Tracking Climate Change
Climate change refers to major changes in temperature, precipitation, wind, and other meteorological factors, that occur over several decades or longer.
Climate change is constantly occurring as part of a natural process. Continental drift, ocean currents, volcanoes, solar cycles, and variations in the earth’s orbit and tilt are all natural causes of climate change. These natural processes affect the climate gradually over long periods of time.
Human activities also contribute to climate change. When fossil fuels such as oil, coal and natural gas are used to generate electricity, heat homes and run cars, heat-trapping gases like carbon dioxide and methane are produced and get mixed into the atmosphere. These gases act like a blanket, warming the earth by trapping heat as it radiates away from the surface. Deforestation and land clearing also result in carbon dioxide emissions, while certain farming activities and landfills can be sources of methane emissions.
Tracking Climate Change
Extreme heat events, or heat waves, are warmer than normal air masses that last for several days. High temperatures can cause major problems for people without air conditioning or those living in urban areas. CDC tracks the effects of an extreme heat event by collecting and reviewing the number of health conditions reported from local hospitals and the number of deaths reported from state health departments. Reviewing these national data help scientists make comparisons between environmental conditions and health problems.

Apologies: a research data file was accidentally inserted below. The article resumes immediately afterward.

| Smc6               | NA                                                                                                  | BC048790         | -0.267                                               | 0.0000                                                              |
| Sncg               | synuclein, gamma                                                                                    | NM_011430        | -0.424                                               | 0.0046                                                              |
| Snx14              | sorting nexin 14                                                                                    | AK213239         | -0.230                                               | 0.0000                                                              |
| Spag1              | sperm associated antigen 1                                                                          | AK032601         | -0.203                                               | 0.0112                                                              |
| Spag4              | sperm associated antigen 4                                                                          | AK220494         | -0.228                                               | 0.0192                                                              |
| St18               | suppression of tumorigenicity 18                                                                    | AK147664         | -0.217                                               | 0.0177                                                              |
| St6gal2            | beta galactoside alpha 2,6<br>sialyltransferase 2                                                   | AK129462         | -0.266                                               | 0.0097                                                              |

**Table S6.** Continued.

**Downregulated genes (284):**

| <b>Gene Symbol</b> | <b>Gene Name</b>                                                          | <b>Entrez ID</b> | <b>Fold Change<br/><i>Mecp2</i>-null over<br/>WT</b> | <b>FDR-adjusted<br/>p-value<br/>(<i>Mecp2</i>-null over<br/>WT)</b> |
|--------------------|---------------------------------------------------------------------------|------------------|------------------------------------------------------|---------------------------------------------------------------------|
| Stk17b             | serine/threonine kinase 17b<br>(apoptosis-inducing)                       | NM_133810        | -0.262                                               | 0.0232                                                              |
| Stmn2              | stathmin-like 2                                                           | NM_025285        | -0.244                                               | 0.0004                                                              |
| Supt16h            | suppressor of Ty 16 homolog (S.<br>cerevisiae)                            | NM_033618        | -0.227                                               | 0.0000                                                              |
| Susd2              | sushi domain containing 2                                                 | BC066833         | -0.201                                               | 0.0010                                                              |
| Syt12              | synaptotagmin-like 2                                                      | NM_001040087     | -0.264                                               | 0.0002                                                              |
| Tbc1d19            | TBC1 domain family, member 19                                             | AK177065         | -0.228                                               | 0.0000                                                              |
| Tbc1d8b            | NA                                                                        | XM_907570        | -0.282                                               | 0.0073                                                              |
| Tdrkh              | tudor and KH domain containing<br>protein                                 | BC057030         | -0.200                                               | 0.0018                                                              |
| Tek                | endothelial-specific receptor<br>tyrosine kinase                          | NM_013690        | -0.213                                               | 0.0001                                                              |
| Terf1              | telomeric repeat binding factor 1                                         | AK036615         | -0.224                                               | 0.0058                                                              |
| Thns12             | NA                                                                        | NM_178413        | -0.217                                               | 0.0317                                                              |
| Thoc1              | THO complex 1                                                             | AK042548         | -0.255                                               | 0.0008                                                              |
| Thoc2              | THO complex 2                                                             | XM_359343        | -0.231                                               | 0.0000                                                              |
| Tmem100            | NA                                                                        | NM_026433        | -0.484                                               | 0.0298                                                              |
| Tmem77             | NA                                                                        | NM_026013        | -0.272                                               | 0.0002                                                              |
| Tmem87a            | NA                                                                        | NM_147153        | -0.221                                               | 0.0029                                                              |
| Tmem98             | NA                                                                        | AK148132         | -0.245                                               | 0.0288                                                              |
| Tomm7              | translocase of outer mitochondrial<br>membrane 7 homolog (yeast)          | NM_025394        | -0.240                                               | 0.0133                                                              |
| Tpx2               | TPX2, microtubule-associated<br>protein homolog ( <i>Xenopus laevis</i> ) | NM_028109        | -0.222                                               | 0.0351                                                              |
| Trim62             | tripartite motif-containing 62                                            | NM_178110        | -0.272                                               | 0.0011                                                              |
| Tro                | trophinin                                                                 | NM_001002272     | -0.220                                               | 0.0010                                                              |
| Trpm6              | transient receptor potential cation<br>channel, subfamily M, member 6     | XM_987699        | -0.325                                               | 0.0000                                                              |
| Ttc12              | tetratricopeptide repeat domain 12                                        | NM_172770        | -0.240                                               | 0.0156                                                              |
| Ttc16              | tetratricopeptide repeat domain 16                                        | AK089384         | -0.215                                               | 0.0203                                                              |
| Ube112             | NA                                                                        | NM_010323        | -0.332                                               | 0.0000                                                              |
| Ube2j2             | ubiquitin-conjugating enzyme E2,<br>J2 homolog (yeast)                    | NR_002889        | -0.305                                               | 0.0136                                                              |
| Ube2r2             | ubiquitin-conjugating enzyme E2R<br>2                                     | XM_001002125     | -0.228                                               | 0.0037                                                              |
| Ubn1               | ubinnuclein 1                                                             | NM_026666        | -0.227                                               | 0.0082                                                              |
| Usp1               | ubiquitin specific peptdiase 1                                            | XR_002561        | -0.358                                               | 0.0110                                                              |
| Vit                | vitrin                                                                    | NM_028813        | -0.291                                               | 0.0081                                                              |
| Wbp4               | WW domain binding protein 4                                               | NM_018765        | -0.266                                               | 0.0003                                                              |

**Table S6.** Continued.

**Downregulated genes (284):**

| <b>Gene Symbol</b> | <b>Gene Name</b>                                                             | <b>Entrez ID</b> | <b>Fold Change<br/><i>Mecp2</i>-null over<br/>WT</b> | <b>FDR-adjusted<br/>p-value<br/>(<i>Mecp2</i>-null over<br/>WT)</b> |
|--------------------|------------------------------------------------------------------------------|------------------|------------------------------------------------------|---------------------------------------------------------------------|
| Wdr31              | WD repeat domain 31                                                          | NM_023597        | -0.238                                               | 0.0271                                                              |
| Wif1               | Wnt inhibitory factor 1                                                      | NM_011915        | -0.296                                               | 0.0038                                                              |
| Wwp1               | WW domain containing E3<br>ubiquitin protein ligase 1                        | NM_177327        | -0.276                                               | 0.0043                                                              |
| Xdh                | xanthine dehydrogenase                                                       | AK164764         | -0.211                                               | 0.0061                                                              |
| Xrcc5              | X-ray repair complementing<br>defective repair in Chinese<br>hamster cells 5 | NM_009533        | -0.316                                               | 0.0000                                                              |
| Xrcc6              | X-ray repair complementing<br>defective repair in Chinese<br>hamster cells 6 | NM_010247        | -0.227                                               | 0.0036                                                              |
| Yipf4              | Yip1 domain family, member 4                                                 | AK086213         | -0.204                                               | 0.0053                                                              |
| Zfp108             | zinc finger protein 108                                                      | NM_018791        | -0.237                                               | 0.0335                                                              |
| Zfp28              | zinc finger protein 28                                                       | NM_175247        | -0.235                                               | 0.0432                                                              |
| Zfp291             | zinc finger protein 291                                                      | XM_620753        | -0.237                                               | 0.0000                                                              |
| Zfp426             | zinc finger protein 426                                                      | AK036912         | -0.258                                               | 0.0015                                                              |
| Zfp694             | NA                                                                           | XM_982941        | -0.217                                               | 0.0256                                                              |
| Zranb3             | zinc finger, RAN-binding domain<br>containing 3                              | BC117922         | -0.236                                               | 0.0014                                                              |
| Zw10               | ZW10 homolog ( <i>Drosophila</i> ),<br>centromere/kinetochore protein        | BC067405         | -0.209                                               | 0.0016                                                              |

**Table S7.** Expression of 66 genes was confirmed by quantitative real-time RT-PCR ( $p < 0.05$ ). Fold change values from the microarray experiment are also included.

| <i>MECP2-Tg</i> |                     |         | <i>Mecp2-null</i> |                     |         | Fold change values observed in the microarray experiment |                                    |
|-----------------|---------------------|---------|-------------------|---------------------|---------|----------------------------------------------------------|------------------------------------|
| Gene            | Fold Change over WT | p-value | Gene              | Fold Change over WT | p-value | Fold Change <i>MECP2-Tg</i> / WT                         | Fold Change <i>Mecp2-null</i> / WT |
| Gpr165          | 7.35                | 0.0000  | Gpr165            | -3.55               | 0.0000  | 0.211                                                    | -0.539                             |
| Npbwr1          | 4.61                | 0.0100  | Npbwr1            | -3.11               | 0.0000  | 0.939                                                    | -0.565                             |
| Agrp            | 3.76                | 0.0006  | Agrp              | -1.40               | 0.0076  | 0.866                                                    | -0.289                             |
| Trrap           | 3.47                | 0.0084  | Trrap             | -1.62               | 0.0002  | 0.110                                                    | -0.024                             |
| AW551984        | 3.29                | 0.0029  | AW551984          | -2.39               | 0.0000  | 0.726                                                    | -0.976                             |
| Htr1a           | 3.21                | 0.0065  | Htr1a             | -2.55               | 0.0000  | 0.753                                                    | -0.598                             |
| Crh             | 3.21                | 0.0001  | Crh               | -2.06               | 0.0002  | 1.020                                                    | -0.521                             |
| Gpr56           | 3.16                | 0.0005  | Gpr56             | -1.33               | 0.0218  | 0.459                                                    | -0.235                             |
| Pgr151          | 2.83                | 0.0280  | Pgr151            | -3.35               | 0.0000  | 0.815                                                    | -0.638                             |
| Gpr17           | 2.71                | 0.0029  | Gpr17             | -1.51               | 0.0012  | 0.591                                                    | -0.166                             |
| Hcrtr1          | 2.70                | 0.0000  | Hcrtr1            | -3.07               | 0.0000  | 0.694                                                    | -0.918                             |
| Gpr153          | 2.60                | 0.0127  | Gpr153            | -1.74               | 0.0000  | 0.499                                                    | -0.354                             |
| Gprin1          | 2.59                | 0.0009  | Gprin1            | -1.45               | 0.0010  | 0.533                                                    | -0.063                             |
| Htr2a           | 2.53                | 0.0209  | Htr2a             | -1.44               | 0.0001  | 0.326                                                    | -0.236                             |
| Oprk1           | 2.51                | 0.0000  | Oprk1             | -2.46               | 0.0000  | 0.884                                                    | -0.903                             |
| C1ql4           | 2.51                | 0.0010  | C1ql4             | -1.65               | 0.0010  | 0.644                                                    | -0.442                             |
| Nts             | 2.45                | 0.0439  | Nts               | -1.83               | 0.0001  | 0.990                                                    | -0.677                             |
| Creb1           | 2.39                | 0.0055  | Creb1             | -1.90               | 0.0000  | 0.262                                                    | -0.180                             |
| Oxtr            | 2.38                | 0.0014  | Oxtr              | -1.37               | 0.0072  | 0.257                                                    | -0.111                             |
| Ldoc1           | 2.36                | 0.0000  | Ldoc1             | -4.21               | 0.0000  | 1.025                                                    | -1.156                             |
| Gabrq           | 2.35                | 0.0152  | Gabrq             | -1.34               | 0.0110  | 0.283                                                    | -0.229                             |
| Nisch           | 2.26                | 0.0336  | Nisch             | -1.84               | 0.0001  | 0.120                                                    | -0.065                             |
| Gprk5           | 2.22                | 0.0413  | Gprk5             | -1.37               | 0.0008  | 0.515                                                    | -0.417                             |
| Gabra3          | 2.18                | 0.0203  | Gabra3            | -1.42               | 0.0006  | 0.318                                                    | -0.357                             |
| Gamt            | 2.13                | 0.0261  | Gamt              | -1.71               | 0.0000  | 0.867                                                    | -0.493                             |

Other examples of how heat vulnerability data can be used are to:
- Compare rates across the state to plan interventions;
- Gain a better understanding of trends in heat-related deaths over time; and
- Identify communities at risk and the groups of people that may be at high risk.
Heat and Health: Understanding Community Risk
Health Effects from Climate Change
Changes in our climate will likely impact several important health outcomes such as heat-related illness, allergies, asthma and infectious disease. In light of these facts, public health officials are evaluating the risk of climate change and extreme weather in their region, and are designing adaptation plans to ensure the health and safety of NH residents under changing conditions. Vulnerable populations include children, the elderly, people with pre-existing conditions or disabilities, and those living in low-income communities.